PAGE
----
How I flew halfway around the world with an electric bike (legally)

Have you ever tried flying with an electric bike? It’s surprisingly hard since those big lithium-ion batteries are usually not allowed in your checked luggage or in your carry-on. But that just made me even more determined to figure out a way to do it.

Electric bikes are a fast growing and fun way to get to work, get exercise, or just get around and have fun. While often used for transportation or utility, electric bikes are also great for recreation. That means many people want to travel on vacation or for work with an e-bike. But those big lithium-ion batteries pose a problem since they are too large for air travel.

Or at least most of them are.

Nearly all airlines will allow batteries up to 100 Wh of capacity, and many allow batteries up to 160 Wh. That’s not very much, and is usually the size of a chunky portable cell phone charging battery. By comparison, a typical e-bike battery ranges from 300-700Wh.

And so to find an e-bike I could take on a plane, I had to cheat. I had to find an unusual e-bike that would actually fit the bill. And boy, did I!

The JackRabbit’s battery measures in at 36V and 4.2Ah, or around 151 Wh. It’s not much, only enough for around 10 miles (16 km) of range per charge. But it’s also just $199 to snag a second pocket-sized battery, which is what many people do to extend their range.

If you guys haven’t seen my review of the JackRabbit, you’ll want to check that out.

It may look oddly proportioned, and it is, but it’s also fun to ride and amazingly convenient for a city dweller thanks to its mere 11 kg (25 lb) weight.

It was originally designed for students to navigate college campuses, and so it favors a small, lightweight, relatively inexpensive ride that works well in an urban environment.

Plus it’s the perfect e-bike for traveling by plane since it slips just under the regulations to allow it to be legally transported on passenger aircraft.

So to travel halfway around the world on a recent trip, I loaded up my JackRabbit e-bike (technically a form of seated scooter, also known as micro e-bikes) and its battery for the trip.

JackRabbit knows that many people use their e-bikes for travel, and they’re also common on private aircraft or boats as a way to get around once you land at a small airstrip or port. For that reason, the company created a travel bag perfectly sized for the JackRabbit.

The bag is just $125, which is actually pretty good for a travel bike bag. My main bike bag that I use for larger bikes cost around 5x as much (though it also has wheels) and hard armor. The JackRabbit travel bag may be lightweight and small, but it is reinforced in the areas where the axles and other hard points touch the bag. That means it is still small enough to fold up into something the size of a lunchbox.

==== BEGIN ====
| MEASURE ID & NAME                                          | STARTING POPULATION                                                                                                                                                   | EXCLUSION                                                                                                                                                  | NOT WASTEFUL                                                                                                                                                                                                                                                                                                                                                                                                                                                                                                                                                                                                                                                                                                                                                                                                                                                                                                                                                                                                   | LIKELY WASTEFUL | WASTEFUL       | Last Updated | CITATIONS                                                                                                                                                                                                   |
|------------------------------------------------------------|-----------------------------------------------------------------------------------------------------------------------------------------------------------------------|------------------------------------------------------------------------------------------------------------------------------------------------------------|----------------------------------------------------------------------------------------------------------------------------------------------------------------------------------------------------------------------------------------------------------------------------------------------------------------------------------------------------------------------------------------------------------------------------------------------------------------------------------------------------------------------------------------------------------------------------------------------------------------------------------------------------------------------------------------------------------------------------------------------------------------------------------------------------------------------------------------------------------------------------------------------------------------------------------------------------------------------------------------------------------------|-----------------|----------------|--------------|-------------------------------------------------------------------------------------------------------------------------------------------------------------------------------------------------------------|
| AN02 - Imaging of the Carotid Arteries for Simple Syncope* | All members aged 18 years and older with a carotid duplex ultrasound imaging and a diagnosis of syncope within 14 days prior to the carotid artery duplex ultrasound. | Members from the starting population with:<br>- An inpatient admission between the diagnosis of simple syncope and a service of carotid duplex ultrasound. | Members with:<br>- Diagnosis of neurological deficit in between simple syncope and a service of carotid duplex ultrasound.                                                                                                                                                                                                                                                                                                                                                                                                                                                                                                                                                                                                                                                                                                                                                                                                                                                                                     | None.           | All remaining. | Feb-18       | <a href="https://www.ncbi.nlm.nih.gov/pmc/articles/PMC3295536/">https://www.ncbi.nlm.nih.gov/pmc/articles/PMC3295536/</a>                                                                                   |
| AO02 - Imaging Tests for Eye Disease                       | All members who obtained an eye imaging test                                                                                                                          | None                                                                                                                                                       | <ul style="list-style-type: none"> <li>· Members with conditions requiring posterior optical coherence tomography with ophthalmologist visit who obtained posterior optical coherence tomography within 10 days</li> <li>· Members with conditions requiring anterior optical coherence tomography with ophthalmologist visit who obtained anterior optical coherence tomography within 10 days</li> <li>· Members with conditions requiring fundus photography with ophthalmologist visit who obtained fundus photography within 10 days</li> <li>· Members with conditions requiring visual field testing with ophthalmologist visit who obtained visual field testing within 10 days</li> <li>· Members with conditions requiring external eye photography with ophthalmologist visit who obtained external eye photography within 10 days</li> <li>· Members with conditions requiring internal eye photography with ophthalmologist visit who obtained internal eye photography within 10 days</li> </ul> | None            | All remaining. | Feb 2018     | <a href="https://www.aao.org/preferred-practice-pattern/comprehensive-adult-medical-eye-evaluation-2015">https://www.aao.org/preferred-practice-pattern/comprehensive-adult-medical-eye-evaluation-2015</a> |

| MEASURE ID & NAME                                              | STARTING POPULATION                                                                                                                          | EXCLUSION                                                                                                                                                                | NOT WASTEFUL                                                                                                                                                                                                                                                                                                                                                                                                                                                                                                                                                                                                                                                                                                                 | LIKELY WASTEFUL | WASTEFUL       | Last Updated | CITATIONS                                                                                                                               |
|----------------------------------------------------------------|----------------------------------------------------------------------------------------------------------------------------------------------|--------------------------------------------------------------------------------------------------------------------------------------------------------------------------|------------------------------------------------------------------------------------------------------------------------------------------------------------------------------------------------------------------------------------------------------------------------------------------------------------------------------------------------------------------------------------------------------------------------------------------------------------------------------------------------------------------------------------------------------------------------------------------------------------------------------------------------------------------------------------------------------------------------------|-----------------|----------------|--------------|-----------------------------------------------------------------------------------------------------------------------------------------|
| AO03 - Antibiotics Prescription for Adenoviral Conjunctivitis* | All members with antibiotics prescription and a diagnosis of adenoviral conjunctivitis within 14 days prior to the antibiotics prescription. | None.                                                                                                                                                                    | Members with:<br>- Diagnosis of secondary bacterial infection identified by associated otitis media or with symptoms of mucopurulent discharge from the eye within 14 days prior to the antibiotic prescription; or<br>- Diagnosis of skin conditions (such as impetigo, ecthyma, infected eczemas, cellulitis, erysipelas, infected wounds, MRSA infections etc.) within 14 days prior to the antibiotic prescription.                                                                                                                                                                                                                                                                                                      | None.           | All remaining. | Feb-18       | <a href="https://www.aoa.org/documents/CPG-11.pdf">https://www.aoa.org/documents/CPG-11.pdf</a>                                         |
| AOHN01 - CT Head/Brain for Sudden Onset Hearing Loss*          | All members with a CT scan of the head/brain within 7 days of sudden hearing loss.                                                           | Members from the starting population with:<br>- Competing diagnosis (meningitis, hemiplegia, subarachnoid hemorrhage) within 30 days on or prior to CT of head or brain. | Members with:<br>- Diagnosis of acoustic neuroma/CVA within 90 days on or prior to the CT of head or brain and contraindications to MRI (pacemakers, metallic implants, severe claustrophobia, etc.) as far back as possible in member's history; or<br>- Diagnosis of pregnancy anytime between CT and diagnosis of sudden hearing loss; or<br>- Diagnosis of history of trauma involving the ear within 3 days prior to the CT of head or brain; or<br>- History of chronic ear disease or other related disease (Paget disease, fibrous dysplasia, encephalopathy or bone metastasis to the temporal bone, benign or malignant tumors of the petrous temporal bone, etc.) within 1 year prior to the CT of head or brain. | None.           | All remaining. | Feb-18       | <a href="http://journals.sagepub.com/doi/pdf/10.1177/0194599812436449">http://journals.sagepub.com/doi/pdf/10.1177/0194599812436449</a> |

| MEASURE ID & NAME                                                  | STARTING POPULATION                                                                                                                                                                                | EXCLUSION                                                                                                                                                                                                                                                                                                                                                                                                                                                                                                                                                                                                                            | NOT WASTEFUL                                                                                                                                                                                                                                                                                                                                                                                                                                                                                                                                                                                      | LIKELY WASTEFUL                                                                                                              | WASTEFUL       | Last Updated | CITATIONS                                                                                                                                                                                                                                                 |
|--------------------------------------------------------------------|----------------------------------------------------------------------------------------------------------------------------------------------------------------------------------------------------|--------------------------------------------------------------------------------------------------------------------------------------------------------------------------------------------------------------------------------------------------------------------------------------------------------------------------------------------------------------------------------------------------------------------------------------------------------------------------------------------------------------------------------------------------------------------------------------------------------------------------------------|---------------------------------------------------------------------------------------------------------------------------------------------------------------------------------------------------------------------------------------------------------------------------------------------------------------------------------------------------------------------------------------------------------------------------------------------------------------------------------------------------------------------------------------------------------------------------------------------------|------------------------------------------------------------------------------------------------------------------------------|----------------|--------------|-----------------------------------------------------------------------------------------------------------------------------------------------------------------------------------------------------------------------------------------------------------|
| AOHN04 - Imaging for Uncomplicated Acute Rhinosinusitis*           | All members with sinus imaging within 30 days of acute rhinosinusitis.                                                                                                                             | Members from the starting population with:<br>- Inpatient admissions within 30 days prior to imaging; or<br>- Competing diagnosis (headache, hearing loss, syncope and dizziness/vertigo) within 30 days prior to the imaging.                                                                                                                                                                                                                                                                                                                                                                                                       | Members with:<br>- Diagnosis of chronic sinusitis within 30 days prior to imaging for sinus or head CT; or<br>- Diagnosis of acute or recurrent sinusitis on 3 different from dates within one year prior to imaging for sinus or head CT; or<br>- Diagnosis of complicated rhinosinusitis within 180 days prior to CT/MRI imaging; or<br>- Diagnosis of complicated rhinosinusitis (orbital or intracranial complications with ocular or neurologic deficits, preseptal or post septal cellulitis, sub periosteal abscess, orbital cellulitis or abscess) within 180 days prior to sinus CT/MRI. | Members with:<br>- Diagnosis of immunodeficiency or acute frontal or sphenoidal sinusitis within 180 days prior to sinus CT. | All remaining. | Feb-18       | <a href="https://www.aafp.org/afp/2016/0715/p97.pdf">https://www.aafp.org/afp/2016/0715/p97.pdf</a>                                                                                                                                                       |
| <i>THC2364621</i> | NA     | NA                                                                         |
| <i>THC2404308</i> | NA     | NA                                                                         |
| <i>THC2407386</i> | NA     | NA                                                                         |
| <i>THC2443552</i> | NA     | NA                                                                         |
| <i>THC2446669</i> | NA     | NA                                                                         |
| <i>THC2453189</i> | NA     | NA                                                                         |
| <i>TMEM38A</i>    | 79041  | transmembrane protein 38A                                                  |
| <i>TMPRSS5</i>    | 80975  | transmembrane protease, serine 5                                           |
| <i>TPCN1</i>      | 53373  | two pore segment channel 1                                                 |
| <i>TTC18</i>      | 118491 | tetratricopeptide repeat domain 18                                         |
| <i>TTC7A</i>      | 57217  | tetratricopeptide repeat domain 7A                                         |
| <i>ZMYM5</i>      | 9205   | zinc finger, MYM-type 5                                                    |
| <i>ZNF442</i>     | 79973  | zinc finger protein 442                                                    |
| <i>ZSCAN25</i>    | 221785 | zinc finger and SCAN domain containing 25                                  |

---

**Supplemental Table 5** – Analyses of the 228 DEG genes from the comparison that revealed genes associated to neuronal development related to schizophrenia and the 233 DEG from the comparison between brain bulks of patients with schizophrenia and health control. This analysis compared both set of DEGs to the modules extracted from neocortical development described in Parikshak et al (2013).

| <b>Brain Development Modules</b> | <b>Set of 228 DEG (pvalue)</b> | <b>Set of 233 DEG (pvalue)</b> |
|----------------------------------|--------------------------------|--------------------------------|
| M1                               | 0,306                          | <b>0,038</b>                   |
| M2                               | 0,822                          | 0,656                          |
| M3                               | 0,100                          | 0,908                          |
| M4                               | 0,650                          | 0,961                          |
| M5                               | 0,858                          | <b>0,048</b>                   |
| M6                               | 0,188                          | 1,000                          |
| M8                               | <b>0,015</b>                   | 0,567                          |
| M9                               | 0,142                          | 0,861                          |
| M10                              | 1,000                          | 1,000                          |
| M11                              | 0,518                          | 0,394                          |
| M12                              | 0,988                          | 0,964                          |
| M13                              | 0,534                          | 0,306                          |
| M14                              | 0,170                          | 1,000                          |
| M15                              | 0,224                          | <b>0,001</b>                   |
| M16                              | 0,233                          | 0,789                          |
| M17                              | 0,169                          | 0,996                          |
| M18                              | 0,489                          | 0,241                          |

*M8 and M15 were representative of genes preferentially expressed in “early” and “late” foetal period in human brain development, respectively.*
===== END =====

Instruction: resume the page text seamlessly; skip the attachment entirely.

I loaded up my JackRabbit in the bag, though I found it was a very tight fit. It took some serious jiggling, but it finally worked its way in.

The trick seemed to be to get the bike most of the way in, then hold the bag up on end and do a bit of wiggling and bouncing.

I had to remove the battery to keep it in my carry-on, since the batteries aren’t allowed in checked bags. Just to be safe, I also ran the battery to empty before the flight and also put a piece of tape over the battery contact.

From there, I simply checked in the bag like any other piece of checked luggage. That’s basically what it looks like, and I even managed to stuff about a week’s worth of laundry into the bag too (once the bike gets squeezed in, there’s still lots of negative space around the frame where your laundry can go).

I tossed an Airtag into the bag just to follow it along through the airports, which was useful since I also brought it on a several-day trip that had me passing through 5 or 6 different airports.

Once I made it to my final destination, which was a solid 7,000 or so miles (12,000-ish km) away from where I started, I unpacked the bike and charged up the battery. A couple hours later I was ready to rock and roll, riding away on my e-bike halfway around the world!

If I tried this with larger e-bikes that have higher capacity batteries, I’d have to ship the battery separately and go through a hazardous goods process.

I’ve done it before but it’s super complicated, costly and more of a hassle than most people will ever want to put up with. For those cases in the past I had to become a certified hazmat shipper, believe it or not.

Being able to simply drop your e-bike off at the check-in counter and pick it up at baggage claim is a pretty awesome perk of a small battery e-bike. You may not be traveling very far on a charge, but if you’re using the bike as a way to get around the city, then a shorter range likely isn’t a big problem. And worst case scenario: you just bring a spare battery. The more, the merrier!

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